Neville Walsh tells the story of how collecting seeds near the Mitchell River in Victoria led him to realise the need for taxonomic revisions.
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The Victorian Conservation Seedbank
VCS coordinator Jeff Jeanes collecting alpine species on the Bogong High Plains
Photo: N. Walsh
VCS technician Meg Hirst sorting collections in the Victorian mallee
Photo: N. Walsh
VCS manager Neville Walsh collecting seeds of Kelleria laxa, Bogong High Plains
Photo: J. Walsh
The Victorian Conservation Seedbank is housed in the Royal Botanic Gardens Victoria. It holds seed of more than 540 (15 per cent) of the State’s plant species.
The seed bank includes species that are:
- endemic to Victoria
- regarded as rare or threatened in Victoria
- regarded as ‘keystone’ species of significant plant communities, such as grasslands, saltmarsh, or rainforest.
Victorian Conservation Seedbank staff are researching the genetic diversity and physiological variability within alpine and subalpine species. Victoria has proportionately more alpine vegetation than any other mainland state, and alpine plant and animal communities have been identified as those most vulnerable to extinction in the face of a warming climate.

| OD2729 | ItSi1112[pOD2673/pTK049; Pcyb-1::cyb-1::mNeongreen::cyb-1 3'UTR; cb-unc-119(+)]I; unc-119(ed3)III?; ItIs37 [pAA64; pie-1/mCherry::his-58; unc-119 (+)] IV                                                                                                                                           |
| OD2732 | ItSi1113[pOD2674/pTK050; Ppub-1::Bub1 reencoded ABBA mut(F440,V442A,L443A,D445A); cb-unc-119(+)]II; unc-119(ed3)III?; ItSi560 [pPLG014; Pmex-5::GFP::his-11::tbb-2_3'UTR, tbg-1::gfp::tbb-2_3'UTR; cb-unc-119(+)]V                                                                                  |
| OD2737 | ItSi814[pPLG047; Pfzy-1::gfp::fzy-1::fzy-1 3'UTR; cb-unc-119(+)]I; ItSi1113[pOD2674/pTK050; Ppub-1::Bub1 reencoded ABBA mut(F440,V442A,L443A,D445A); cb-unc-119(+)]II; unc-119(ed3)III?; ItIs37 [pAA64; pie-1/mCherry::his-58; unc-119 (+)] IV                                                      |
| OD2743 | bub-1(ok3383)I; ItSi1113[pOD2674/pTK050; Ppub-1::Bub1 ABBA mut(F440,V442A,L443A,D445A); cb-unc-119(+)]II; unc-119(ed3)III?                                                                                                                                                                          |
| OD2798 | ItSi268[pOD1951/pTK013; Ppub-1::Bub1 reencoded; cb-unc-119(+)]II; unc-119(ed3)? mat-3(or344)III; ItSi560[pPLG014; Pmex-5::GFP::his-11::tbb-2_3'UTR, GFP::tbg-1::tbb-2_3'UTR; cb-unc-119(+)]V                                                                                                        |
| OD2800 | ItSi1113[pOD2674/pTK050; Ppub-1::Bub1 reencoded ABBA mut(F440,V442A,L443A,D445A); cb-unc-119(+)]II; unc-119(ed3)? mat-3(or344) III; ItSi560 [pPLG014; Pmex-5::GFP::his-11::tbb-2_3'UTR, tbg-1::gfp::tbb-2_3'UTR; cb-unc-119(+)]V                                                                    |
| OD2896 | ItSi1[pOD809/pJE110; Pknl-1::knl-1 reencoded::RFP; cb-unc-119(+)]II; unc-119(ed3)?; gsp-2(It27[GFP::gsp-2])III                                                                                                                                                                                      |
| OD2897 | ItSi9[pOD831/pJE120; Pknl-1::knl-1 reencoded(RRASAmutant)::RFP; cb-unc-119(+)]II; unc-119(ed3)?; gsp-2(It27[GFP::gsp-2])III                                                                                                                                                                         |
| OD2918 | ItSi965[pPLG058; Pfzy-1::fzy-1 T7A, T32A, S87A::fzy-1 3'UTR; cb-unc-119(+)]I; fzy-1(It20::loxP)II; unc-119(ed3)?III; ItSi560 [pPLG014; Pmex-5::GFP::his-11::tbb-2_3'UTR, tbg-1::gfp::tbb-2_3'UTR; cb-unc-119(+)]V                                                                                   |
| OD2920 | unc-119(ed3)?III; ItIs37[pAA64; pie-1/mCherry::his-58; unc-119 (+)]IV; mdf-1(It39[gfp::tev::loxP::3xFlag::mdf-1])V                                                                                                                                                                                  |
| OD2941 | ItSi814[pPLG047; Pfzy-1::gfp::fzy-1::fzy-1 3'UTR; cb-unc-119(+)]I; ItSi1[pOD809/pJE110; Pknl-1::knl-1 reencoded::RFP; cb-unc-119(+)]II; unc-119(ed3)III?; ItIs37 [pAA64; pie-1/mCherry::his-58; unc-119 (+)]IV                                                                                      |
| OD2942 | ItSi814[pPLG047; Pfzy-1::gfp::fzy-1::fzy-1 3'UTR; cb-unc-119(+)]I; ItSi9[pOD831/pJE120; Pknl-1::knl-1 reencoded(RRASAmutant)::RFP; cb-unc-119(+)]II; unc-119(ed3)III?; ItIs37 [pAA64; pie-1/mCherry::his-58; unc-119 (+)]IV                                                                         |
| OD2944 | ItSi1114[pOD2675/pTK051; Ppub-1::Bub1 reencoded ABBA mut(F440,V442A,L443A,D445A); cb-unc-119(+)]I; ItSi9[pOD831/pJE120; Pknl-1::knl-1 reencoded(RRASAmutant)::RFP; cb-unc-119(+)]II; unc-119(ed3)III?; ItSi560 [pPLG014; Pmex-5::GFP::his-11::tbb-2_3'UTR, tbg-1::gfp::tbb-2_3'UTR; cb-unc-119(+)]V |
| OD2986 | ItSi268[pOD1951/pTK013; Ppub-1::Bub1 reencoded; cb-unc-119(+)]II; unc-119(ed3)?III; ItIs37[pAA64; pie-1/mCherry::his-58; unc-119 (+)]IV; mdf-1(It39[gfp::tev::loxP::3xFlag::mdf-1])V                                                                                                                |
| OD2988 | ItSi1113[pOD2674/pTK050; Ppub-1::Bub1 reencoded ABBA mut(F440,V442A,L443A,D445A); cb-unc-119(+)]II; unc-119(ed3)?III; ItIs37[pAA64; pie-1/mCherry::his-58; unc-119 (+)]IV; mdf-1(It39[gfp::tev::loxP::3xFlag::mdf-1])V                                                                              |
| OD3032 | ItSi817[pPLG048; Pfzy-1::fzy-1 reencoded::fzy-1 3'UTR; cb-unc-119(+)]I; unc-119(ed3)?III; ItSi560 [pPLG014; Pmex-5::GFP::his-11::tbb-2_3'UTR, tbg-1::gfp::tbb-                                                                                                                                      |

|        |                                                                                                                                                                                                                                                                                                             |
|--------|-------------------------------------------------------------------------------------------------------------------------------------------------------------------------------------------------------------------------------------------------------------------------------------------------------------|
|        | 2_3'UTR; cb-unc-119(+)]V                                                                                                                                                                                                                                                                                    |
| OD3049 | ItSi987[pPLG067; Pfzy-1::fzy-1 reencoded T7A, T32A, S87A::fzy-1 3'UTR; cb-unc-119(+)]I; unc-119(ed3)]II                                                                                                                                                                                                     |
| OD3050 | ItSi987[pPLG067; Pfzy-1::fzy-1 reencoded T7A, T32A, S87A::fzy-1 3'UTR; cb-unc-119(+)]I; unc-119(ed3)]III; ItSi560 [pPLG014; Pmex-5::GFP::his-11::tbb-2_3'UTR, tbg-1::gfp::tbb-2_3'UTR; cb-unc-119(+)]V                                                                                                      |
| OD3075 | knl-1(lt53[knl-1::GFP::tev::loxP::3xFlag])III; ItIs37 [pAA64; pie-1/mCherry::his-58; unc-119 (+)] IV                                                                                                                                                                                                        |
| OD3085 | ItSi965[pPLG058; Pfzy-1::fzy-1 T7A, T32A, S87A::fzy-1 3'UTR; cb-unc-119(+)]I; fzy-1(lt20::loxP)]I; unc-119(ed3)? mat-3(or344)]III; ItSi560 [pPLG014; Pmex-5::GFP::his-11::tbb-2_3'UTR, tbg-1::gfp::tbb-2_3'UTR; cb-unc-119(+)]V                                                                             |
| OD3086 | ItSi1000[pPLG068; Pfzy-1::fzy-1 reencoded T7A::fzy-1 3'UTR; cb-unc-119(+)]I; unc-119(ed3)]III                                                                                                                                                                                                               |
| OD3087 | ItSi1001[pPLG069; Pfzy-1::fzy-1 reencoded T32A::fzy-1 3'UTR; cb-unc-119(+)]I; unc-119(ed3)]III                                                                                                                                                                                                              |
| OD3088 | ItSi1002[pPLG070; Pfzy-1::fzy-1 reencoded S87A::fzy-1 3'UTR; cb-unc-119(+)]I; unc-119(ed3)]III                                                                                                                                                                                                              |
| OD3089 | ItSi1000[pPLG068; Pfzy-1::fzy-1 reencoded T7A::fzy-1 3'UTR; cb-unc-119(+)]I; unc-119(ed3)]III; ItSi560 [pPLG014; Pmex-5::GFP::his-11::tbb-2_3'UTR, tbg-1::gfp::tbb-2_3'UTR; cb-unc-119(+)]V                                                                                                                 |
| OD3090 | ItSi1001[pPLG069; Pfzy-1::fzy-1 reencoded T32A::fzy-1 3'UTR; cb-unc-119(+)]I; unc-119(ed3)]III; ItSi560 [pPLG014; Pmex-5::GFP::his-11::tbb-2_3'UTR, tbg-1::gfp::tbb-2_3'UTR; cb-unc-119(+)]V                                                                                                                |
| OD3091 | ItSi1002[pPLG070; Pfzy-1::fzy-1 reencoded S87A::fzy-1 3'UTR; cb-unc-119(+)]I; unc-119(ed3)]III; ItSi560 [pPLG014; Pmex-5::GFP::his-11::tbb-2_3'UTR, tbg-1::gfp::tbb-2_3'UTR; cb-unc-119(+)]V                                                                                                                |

The Seedbank’s research aims to identify plant populations that have the ability to withstand a warming climate. The research is expected to expand to include collaborative, comprehensive survey of Australian alpine plant seed biology.
Posted: 18 Sep 2014
Posted: 05 Sep 2014
Collaborative research by the Royal Botanic Gardens Melbourne and the Botanic Gardens of South Australia is advancing efforts to conserve Ballantinia antipoda (F.Muell.) E.A.Shaw.
Posted: 16 May 2011
The only known population of the rare and threatened shining nematolepsis was destroyed in the 2009 Black Saturday bushfire. Conservation efforts before the fire have gone a long way towards saving this species.
Posted: 02 May 2011
Fire is traditionally viewed as a stranger to the alpine plant communities of south-eastern Australia. However, the wildfires of 2003 and 2007 are suggestive of more regular burning in our warming climate. What will this mean for the rare species of the Australian Alps?